The US President followed up the discussion a week later with meetings with Prime Minister Scott Morrison, Japan’s Yoshihide Suga and Indian Prime Minister Narendra Modi. The first Quad leaders meeting emphasised the free and open Indo-Pacific framework.
The US and Japan will now take the lead on drawing up guidelines for the development of infrastructure throughout the region. 5G technology and hydrogen power will be the first priorities, but the guidelines will cover preconditions for investment, systems for carrying out projects, and recommendations on cultivating local talent. They will also set procurement standards and put restrictions on technology leaks.
“When governments come together at the highest level, this shows a whole new level of cooperation to create a new anchor for peace and stability in the Indo-Pacific,” Morrison said.
Australia was the only one of the four countries to have a state government sign a Belt and Road agreement. Until this week, Victoria’s 2018 deal stood out as an incongruous marker of disunity in the world’s most troubled China relationship.
Having now torn it up, the Morrison government will rely on all four members of the Quad to buttress the economic fallout.
To date, the $20 billion in exports that have been hit by China have remained remarkably resilient, according to an analysis by the Lowy Institute. Barley growers have found other markets, Australian beef is proving popular elsewhere and coal is finding new power plants in India, South Korea and Japan.
Wine and lobster remain the outliers, having struggled to replace the enormous demand from China, they now face an uncertain future.
‘The idea has been around for a fairly long time but walking the talk has not happened yet. The reason it did not is because of Trump.’
More ominously, Wednesday’s decision to tear up the BRI opens other exporters to the risk of further retaliation. Education and wool are vulnerable. Both are markets that may struggle to again replace the demand from China and its huge population.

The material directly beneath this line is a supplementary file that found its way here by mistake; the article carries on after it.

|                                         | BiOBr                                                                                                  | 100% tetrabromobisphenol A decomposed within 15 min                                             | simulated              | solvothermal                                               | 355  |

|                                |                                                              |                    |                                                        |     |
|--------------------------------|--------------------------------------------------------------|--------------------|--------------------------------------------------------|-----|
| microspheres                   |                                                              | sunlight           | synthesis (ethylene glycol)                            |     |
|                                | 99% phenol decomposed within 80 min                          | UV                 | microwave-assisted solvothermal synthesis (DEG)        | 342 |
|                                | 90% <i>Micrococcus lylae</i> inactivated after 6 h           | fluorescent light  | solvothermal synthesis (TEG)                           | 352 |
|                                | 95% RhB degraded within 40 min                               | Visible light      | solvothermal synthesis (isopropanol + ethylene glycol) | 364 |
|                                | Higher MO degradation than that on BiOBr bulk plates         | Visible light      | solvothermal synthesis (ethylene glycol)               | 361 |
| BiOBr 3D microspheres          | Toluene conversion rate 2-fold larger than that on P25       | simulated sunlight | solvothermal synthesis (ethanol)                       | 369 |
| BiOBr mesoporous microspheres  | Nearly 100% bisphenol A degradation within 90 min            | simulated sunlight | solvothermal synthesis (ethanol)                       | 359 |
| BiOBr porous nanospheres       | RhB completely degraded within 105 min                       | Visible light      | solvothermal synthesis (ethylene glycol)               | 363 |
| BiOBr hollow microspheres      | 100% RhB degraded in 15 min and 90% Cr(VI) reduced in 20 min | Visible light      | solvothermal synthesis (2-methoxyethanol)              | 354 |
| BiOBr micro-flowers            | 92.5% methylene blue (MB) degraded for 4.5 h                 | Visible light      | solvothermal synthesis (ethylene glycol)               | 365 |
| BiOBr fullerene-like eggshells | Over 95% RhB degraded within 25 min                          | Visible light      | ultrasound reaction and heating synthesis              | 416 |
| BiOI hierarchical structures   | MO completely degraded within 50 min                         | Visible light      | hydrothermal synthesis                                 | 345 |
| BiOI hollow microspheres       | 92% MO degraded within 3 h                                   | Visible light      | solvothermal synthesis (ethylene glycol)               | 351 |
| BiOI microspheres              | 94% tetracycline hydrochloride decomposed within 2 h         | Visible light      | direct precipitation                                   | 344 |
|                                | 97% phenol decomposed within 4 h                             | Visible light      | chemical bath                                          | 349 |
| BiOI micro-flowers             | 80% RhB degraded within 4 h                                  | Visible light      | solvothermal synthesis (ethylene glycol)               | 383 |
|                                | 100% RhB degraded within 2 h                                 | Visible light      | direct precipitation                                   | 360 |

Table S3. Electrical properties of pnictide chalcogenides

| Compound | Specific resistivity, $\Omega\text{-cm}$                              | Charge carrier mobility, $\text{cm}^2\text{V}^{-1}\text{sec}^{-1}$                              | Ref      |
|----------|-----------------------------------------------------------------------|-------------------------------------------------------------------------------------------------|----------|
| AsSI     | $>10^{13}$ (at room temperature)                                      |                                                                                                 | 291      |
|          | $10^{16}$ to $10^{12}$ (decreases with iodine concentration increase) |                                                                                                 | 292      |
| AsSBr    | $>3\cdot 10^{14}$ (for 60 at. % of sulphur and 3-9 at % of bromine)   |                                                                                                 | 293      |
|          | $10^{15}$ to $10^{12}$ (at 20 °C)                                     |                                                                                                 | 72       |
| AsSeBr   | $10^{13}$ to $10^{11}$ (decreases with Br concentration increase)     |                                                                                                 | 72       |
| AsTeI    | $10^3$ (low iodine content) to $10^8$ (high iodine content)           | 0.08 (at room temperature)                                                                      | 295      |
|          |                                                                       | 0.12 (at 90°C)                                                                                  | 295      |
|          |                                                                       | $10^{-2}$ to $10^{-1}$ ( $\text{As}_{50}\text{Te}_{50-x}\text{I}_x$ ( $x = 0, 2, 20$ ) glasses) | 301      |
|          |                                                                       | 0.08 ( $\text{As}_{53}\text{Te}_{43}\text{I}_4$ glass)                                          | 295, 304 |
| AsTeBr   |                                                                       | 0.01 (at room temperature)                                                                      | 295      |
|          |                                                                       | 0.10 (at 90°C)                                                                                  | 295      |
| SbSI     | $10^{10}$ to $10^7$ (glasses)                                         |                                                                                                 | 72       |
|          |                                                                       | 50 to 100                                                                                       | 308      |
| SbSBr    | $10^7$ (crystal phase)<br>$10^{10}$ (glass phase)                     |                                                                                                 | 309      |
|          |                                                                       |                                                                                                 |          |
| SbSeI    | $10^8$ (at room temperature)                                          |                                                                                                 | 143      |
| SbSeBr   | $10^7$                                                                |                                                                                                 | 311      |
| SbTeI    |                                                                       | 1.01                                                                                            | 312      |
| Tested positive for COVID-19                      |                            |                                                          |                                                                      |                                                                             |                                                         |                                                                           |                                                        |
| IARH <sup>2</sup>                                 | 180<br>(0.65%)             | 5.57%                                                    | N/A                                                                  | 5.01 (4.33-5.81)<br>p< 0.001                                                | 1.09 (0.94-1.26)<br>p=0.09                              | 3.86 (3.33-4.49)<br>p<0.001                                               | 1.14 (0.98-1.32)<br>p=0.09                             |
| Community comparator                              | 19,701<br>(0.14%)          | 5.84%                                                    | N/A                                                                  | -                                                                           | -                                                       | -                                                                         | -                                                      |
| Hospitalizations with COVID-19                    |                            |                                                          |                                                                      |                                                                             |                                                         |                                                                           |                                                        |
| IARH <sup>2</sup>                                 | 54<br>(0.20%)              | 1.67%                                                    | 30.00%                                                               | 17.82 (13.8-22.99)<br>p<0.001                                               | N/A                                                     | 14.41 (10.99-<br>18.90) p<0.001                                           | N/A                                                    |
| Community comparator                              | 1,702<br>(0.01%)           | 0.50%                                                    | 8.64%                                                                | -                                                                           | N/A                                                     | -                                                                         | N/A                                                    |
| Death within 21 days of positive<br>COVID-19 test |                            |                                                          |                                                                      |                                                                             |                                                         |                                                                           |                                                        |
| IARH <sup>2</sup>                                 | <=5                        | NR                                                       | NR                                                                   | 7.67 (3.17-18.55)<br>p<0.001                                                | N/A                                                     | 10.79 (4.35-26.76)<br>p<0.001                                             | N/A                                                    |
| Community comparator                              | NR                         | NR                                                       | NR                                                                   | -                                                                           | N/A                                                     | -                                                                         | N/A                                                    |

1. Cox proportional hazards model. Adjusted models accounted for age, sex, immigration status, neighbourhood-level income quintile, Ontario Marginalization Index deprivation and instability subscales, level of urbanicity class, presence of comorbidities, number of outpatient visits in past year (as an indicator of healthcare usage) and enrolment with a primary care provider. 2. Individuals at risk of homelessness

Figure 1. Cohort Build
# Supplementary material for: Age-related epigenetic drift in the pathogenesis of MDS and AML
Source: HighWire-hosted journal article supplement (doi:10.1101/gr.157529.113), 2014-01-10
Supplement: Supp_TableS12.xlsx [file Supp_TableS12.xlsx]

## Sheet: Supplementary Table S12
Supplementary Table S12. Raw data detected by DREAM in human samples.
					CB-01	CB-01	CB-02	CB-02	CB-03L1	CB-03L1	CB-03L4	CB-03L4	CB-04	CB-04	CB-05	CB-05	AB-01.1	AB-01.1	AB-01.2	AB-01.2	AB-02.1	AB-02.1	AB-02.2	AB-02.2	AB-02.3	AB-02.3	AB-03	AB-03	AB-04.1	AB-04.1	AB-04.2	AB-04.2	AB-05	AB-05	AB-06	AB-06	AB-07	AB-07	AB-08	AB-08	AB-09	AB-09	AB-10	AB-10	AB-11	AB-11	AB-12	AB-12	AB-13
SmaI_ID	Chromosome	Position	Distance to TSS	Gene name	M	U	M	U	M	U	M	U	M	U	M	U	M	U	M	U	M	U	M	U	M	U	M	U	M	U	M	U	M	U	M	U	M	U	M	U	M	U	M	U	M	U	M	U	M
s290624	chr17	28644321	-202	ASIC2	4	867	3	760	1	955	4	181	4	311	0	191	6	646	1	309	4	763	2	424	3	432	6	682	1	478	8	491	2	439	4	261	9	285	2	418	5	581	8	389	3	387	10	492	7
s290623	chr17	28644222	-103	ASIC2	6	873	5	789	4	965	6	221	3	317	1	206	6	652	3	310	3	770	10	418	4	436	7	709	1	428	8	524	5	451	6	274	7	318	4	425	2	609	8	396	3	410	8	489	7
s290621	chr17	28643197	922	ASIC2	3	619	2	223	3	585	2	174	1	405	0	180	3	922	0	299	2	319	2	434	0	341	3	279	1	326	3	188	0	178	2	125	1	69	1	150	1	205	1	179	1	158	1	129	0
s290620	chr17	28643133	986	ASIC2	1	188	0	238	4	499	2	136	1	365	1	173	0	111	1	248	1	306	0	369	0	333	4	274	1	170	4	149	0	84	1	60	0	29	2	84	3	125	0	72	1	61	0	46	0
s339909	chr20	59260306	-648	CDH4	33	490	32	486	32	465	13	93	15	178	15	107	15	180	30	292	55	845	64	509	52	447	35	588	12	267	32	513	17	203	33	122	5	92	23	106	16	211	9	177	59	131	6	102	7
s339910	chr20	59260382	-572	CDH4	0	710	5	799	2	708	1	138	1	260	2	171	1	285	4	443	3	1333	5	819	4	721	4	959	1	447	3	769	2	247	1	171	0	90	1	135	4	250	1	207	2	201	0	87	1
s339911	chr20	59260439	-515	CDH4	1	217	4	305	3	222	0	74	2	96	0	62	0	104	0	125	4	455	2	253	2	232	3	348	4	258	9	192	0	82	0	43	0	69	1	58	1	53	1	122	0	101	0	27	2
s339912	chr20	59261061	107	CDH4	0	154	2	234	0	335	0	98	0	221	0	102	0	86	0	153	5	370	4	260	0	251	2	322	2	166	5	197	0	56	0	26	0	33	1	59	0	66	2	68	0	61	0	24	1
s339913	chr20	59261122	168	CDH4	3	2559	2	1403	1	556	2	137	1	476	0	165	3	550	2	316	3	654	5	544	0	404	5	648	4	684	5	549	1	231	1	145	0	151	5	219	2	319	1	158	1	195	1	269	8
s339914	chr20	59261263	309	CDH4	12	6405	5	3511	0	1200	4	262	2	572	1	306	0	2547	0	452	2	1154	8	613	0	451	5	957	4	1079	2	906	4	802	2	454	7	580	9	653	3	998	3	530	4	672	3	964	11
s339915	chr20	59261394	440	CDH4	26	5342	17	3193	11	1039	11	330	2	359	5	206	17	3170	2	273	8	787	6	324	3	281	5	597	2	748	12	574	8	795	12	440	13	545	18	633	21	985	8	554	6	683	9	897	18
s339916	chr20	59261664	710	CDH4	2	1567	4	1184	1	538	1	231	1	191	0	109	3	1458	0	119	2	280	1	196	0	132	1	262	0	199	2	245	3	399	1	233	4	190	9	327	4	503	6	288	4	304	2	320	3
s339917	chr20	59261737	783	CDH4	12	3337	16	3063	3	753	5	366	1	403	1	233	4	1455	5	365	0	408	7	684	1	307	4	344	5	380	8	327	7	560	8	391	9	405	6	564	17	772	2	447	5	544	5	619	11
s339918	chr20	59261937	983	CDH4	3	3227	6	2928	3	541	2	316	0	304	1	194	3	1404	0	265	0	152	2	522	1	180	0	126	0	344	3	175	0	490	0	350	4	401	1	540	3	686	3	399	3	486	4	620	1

“The relationship is in a complete disaster state,” says Perth USAsia Centre trade expert Jeffrey Wilson. “If this carries on for another 10 years, new things will come up in the future and that will be a problem.”
Wilson says that in a way, the unrelenting trade strikes have freed Australia up to be more ambitious in its foreign policy. “Once you have thrown the kitchen sink at someone, the government is liberated to do whatever the hell it wants,” he says.
China was unambiguous with its threats in response to the decision on Thursday.
“China urges Australia to immediately revoke the relevant wrong decision,” said Foreign Ministry spokesman Wang Wenbin. “Otherwise, China will definitely respond firmly and forcefully.”
The episode shows the dangers of the BRI and the need for a viable alternative through a US-Japan led infrastructure push.
“The acid test is probably going to be this year,” says Wilson. “The idea has been around for a fairly long time but walking the talk has not happened yet. The reason it did not is because of Trump.
“So the question now is by Christmas this year, are we going to see some of that walking happening?”